In order to get a constructive non-Nordic view, Tom Fleming Creative Consultancy, a UK-based leading international Creative and Knowledge Economy consultancy , has been commissioned by the Nordic Innovation Centre (NICe) , on behalf of the Nordic Council of Ministers, to develop this Green Paper. It builds on existing policy development to:Provide an overview of the current profile of the Region’s Creative Industries Introduce the current policy status of the Creative Industries Highlight key opportunities for growing the Creative Industries and maximizing the sector’s wider value Present a set of actionable policy recommendations for partners to pursue
This article addresses the influence of dominant and traditional ways of grasping the reality in social and economic processes of change. Our point of departure is how the perception of crisis in Odda, a small industrial community in Norway, influences the course of the process of change. The analysis focuses on a heated debate over the exploitation of a large site in the centre of Odda, left after the closure of the key factory. Rather than the economic and social consequences of the closure, the main challenge that arose from the crisis was related to the emergence of ambiguity in the local conceptual framework. Coming to terms with the situation stimulated various attempts to rearticulate the discourse of local development, with the result that industrial and culture-based perspectives on development came into conflict. The economic crisis became a crisis of definition. In Odda, the industrial discourse finally domesticated the competing cultural discourse, ending years of conflict and inaction. In its explicit focus on the importance of local struggles and the way discourse structures such processes this story about recent developments in Odda complements literature on post-industrial development.
A Critical Comparative Study of Visitor Motivations for Attending Music Festivals: A Case Study of Glastonbury and V Festival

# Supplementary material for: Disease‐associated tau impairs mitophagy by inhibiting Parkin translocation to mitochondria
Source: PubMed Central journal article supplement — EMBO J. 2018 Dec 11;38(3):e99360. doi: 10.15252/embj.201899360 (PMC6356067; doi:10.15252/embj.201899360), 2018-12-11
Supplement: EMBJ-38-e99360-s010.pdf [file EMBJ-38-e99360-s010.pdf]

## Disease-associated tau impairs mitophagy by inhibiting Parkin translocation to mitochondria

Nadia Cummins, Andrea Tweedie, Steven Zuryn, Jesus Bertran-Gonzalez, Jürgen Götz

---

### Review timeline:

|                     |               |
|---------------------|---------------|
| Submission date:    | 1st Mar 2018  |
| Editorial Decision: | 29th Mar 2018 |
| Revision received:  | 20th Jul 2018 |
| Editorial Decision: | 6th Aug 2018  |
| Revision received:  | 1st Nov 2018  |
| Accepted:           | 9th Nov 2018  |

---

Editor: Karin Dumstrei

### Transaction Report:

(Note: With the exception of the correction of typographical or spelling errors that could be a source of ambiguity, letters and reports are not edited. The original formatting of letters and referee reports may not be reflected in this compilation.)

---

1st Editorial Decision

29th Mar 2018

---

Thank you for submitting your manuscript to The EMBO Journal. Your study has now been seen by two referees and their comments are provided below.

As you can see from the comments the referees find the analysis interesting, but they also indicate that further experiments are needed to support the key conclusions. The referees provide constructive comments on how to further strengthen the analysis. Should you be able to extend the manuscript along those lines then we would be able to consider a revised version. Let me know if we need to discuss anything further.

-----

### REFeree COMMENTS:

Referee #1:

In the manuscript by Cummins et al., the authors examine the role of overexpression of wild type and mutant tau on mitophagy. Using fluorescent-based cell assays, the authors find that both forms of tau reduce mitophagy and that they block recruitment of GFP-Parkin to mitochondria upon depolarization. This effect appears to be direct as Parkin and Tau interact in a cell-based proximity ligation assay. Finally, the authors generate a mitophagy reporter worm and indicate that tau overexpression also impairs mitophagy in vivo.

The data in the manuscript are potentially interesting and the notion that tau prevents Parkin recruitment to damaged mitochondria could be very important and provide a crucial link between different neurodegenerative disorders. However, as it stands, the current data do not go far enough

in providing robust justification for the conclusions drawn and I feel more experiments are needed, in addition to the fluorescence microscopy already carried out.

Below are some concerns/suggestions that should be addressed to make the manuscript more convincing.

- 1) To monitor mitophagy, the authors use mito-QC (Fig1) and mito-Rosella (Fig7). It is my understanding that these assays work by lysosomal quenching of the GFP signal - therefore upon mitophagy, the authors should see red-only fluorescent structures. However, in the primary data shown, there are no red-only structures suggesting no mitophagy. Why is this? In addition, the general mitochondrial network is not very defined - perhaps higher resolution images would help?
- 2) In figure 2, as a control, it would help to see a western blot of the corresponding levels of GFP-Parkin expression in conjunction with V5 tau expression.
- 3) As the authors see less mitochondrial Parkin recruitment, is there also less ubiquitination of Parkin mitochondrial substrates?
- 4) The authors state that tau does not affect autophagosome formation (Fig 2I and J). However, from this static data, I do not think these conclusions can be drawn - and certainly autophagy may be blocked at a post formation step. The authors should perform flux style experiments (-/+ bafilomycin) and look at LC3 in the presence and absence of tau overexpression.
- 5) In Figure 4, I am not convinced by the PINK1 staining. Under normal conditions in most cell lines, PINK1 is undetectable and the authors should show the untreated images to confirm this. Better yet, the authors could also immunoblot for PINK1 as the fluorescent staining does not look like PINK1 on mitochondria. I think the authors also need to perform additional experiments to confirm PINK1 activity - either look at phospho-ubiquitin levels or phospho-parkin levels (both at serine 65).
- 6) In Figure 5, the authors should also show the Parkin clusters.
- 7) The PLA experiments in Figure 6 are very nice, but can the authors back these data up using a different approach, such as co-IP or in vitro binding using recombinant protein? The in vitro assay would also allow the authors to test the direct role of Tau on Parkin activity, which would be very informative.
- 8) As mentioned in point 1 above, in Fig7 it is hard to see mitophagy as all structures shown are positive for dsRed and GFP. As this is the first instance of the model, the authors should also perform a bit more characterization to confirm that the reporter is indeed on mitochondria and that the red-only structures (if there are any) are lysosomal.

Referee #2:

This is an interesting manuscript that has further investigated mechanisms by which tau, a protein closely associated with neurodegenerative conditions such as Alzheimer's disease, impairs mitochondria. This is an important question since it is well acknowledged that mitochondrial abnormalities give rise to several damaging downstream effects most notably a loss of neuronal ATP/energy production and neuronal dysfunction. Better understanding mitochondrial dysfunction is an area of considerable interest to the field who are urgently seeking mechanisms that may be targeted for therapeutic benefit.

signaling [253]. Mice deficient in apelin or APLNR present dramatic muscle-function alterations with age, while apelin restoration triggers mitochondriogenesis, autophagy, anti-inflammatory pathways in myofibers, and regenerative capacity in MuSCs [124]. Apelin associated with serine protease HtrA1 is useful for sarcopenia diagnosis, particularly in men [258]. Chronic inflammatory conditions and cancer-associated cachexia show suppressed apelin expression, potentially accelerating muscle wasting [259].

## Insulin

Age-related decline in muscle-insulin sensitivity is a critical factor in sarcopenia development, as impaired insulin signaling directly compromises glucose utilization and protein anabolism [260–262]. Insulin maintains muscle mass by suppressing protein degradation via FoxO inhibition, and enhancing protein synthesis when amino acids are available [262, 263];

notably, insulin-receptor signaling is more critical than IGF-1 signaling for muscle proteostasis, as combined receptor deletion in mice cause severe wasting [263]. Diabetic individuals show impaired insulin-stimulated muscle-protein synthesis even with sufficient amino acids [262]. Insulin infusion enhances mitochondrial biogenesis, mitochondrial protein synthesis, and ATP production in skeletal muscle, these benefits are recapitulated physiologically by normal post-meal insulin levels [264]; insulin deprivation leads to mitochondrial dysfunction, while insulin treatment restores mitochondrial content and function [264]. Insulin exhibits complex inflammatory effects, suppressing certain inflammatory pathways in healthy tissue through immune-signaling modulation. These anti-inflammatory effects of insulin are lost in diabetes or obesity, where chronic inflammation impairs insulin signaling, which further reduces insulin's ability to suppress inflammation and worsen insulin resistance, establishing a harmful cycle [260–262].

|A global industry of festivals and events has evolved and developed rapidly since the early 1900s. This phenomenal growth, coupled with increased consumer awareness and choice, requires sustained development and growth in the future. Music festivals are unique events that attract audiences for a variety of reasons; however, while music-based events are an extremely popular form of entertainment, research exploring the motivations of music festival audiences is sparse, especially from a UK perspective. Crompton and McKay contend that event managers should strive to better understand the motives of festival attendance in order to design better products and services for them and because motives are a precursor of satisfaction and a factor in decision making, this in turn can lead to greater attendance. This study critically compares the visitor motivations for attending two UK-based music festivals to challenge and ultimately support existing ideas developed from similar research overseas. The article establishes some of the first research into this area within the UK and challenges common assumptions from those in industry. A range of secondary research was considered and a review of existing literature on the subject was undertaken. Although the sample size was relatively small, the results showed that socializing with friends and family was a primary motive. Most importantly, the article supported the notion that multiple motivations come into play and it suggests that it is risky for festival managers to rely solely on the theme of the event itself. It is equally important to create a fun and festive atmosphere that offers ample opportunity to socialize and have new and nonmusical experiences. Several recommendations were made for existing and future managers including focusing on realigning marketing and service strategies. Recommendations were also made for future research in terms of adopting new methodological approaches including the use of multiple means of analysis. The article finally challenges the nature of the underpinning theory and questions the reason that so much of what is understood is still based in the field of sociology in tourism, with very little underpinning theory dedicated to the events industry, despite its emergence as an academic field over a decade ago.|
This paper argues that, despite its strengths, the UK Department of Culture, Media and Sport (DCMS) classification of the creative industries contains inconsistencies which need to be addressed to make it fully fit for purpose. It presents an improved methodology which retains the strengths of the DCMS’s approach while addressing its deficiencies. We focus on creative intensity: the proportion of total employment within an industry that is engaged in creative occupations.